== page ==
Rambli Just my thoughts…

The Optimal Size for a Team

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I’ve batted this idea back and forth many times in my head, what is the best size for a team?  At what size does the team remain too small to not accomplish enough and at what size does a team become too large that more time is spent on administration, overhead and the team eventually starts to slow.  Whether it’s a startup or an established company, team cohesion and leadership is critical to success.

What is the magic number?

For me, it’s 7.

For you, it may be 3, 5, 10, 12, 17, 25.

At 7 (not including yourself), you have the optimal ability to work closely with everyone on your team, giving them the needed feedback and touch-points that help manage the daily grind.  In addition, it’s a great size to ensure that any issues that are being raised up the line are getting dealt with and not left to fester within.

You can see everything happen, as it happens.

Do they all have to sit around me?  No.

Do they all have to be in the same profession (i.e., all developers)?  No.

Do they all have to be at the same skill level?  No.

Do we all need to be in the same country?  No.

Now, I have managed and lead teams of more and less than 6 on many occasions (and do today) and this isn’t to say that it’s impossible and cannot work.  It can, you adjust your style, find your fit and move forward but when asked what is the optimal size, this is my answer.

But I am responsible for more, so now what?

You need to know your comfort zone before you go in to taking on a Team Lead position.  If you don’t know how many people you are comfortable with leading on a daily, weekly, monthly, yearly basis, than you won’t be doing you or your team and favours.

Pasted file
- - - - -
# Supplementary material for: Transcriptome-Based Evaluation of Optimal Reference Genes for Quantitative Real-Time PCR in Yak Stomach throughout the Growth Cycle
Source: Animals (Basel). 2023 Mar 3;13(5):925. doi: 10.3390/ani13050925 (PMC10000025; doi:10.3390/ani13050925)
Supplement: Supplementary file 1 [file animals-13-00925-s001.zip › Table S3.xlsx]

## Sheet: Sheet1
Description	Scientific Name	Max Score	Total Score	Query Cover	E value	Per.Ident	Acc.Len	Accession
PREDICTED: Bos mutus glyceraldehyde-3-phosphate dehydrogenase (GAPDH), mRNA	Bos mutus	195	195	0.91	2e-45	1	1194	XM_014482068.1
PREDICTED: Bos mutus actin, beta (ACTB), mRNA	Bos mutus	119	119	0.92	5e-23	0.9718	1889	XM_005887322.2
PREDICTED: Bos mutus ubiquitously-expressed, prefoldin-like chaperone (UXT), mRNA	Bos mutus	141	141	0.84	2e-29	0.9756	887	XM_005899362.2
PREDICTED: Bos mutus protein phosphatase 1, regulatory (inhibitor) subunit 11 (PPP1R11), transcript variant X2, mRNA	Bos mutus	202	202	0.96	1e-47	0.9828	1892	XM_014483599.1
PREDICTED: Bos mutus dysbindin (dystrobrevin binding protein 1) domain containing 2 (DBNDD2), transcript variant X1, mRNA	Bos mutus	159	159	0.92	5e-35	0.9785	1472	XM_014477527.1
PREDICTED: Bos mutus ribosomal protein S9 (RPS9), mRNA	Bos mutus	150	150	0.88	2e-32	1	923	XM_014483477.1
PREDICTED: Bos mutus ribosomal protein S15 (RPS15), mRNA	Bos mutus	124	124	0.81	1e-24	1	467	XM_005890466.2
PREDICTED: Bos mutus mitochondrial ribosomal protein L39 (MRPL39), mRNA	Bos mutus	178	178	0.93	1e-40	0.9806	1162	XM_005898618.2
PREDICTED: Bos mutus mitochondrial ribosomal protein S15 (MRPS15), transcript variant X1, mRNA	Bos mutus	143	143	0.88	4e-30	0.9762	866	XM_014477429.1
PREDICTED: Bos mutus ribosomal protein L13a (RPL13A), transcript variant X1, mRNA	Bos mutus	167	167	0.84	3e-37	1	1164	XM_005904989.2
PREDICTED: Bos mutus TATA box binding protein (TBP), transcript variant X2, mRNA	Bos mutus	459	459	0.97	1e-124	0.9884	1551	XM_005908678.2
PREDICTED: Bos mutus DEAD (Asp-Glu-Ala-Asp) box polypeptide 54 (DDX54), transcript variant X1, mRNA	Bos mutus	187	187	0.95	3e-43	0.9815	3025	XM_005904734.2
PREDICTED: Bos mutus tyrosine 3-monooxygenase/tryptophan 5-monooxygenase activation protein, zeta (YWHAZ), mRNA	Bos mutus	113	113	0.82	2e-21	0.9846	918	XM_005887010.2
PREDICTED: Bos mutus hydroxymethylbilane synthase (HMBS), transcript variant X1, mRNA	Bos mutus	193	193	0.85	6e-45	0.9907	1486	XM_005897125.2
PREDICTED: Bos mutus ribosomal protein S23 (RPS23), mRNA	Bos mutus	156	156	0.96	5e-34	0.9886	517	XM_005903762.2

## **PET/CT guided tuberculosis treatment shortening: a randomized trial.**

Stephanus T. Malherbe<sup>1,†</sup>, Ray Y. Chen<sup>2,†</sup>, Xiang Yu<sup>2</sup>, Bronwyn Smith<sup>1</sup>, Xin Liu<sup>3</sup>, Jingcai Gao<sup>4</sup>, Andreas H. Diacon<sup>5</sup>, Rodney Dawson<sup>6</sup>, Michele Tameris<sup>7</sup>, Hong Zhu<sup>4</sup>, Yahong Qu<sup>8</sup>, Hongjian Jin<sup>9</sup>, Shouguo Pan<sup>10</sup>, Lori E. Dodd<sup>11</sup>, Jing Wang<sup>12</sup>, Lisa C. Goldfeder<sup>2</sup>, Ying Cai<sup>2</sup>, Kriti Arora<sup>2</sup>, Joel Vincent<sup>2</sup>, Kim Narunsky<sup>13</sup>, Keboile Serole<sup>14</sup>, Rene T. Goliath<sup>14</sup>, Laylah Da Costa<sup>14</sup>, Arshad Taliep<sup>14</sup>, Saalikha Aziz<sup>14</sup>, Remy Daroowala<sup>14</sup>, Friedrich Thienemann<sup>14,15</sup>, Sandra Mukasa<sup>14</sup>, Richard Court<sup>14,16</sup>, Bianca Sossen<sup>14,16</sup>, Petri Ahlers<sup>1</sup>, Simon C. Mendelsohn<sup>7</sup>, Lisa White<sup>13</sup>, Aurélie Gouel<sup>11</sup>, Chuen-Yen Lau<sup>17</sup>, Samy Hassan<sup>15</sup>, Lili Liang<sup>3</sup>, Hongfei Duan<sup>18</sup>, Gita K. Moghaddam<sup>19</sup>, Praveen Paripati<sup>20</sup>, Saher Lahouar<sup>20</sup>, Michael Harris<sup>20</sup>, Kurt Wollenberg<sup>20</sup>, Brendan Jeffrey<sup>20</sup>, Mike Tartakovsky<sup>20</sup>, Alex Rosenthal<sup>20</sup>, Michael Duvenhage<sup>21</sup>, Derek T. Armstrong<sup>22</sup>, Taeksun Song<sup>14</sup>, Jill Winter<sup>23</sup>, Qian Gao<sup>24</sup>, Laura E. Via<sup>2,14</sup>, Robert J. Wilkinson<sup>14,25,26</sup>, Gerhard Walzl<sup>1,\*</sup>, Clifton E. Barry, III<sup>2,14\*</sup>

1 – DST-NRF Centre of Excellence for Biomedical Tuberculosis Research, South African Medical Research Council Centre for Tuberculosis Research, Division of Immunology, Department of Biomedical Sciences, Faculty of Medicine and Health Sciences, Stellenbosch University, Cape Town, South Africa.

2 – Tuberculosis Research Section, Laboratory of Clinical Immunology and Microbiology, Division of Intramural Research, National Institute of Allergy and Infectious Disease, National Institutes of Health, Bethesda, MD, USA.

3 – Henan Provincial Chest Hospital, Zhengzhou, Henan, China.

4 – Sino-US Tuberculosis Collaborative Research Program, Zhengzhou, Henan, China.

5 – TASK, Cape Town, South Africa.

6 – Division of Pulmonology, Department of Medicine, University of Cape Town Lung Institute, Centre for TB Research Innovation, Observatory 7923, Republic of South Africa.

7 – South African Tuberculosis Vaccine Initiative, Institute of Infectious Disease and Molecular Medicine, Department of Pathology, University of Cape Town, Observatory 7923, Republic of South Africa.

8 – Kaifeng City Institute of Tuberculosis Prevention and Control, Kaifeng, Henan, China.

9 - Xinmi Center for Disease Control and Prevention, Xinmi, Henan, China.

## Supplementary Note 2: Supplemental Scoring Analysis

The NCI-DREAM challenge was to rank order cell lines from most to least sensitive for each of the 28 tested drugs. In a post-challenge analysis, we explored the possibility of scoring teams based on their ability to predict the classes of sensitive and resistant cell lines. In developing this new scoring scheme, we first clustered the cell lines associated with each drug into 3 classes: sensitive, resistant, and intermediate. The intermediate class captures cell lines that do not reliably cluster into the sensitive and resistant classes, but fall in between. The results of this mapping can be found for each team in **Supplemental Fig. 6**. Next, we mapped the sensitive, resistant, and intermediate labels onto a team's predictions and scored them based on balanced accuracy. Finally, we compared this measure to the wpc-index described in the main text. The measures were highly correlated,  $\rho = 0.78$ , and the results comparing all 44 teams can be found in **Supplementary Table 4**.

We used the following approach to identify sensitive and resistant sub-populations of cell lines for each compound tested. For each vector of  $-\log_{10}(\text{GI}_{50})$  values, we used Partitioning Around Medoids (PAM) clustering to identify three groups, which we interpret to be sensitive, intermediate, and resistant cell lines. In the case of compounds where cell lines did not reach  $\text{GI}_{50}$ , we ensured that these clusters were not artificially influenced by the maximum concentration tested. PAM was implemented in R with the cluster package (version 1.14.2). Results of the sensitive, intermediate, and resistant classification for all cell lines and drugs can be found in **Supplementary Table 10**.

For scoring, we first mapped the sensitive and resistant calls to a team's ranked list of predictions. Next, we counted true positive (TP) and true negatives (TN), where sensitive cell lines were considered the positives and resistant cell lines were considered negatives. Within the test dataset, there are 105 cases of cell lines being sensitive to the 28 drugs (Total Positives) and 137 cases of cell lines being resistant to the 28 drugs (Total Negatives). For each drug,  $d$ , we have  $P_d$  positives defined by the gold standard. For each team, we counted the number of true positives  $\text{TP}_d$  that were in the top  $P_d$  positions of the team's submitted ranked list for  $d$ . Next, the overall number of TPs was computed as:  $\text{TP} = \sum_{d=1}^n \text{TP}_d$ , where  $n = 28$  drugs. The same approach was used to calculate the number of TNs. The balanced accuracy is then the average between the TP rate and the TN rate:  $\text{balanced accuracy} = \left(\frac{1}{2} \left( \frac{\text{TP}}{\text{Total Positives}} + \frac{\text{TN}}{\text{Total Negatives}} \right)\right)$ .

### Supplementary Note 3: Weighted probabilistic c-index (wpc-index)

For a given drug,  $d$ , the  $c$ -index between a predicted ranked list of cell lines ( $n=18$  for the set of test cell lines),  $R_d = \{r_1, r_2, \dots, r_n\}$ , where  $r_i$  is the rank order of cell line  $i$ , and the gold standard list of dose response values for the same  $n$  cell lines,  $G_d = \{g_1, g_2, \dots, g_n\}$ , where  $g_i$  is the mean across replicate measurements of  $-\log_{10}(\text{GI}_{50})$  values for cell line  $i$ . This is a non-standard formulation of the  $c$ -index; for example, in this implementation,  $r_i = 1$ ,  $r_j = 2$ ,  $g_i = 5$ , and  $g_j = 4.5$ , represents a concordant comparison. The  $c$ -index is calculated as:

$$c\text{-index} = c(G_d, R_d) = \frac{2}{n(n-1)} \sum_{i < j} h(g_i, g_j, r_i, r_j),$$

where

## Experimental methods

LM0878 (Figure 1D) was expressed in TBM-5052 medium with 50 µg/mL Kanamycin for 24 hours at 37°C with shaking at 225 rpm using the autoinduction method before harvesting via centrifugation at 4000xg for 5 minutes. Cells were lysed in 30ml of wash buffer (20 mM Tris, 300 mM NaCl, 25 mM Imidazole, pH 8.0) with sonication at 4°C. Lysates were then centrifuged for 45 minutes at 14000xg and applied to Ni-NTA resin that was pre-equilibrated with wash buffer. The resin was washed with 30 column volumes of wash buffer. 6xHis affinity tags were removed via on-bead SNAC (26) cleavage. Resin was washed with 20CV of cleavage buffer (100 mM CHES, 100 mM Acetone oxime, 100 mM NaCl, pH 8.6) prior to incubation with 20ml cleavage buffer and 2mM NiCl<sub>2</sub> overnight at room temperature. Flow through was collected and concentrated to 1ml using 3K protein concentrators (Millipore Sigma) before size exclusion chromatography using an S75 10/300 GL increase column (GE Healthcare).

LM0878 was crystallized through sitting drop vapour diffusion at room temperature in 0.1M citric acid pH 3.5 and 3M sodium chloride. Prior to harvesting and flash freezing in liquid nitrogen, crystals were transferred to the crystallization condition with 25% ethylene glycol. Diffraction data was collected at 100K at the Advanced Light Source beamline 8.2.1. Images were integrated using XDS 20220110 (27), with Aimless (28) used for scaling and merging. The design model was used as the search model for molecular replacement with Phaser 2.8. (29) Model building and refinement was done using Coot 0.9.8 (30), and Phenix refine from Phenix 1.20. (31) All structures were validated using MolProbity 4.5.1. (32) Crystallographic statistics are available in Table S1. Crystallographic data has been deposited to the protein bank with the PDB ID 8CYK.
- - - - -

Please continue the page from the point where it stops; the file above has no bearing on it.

Find your optimal size, what works best for you so you are able to deliver your best.  Over time this might grow and change, but what you need to know is where you stand today.  Because if on Monday you are given a team of 20 to manage and you struggle managing 4, knowing where you are at is an immediate cue for you to figure out what you need to do to get better.

Your vs the Team’s Accomplishments

When people are promoted to a Team Lead they immediately feel this great sense of responsibility bestowed upon them and in some cases start to focus solely on the efforts of the team.  Although needed, you also need to focus on your own accomplishments.  After all, it those accomplishments that got you to where you are and those accomplishments that are going to serve you well with this team.  Yes your team is now an extension of your accomplishments, what you accomplish with them is how you and they grow but you can never forget the satisfaction and pride that comes from accomplishing something on your own.  Always remember that, it goes back to the old adage of taking care of yourself before others.  If you don’t feel like you are accomplishing “something” while your team is accomplishing “everything” you will slowly start to feel the pull towards wanting to work with them again because you don’t feel like you are getting anywhere and getting that check of yes I accomplished something today.

In summary, because like the blog title, I might have rambled on today…

  1. Optimal team size-  identify it before you accept it.
  2. Think of what you are responsible for, what does that mean.
  3. Make sure you value your accomplishments and wins as much as your team’s

About the author

Greg Thomas

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Rambli Just my thoughts…

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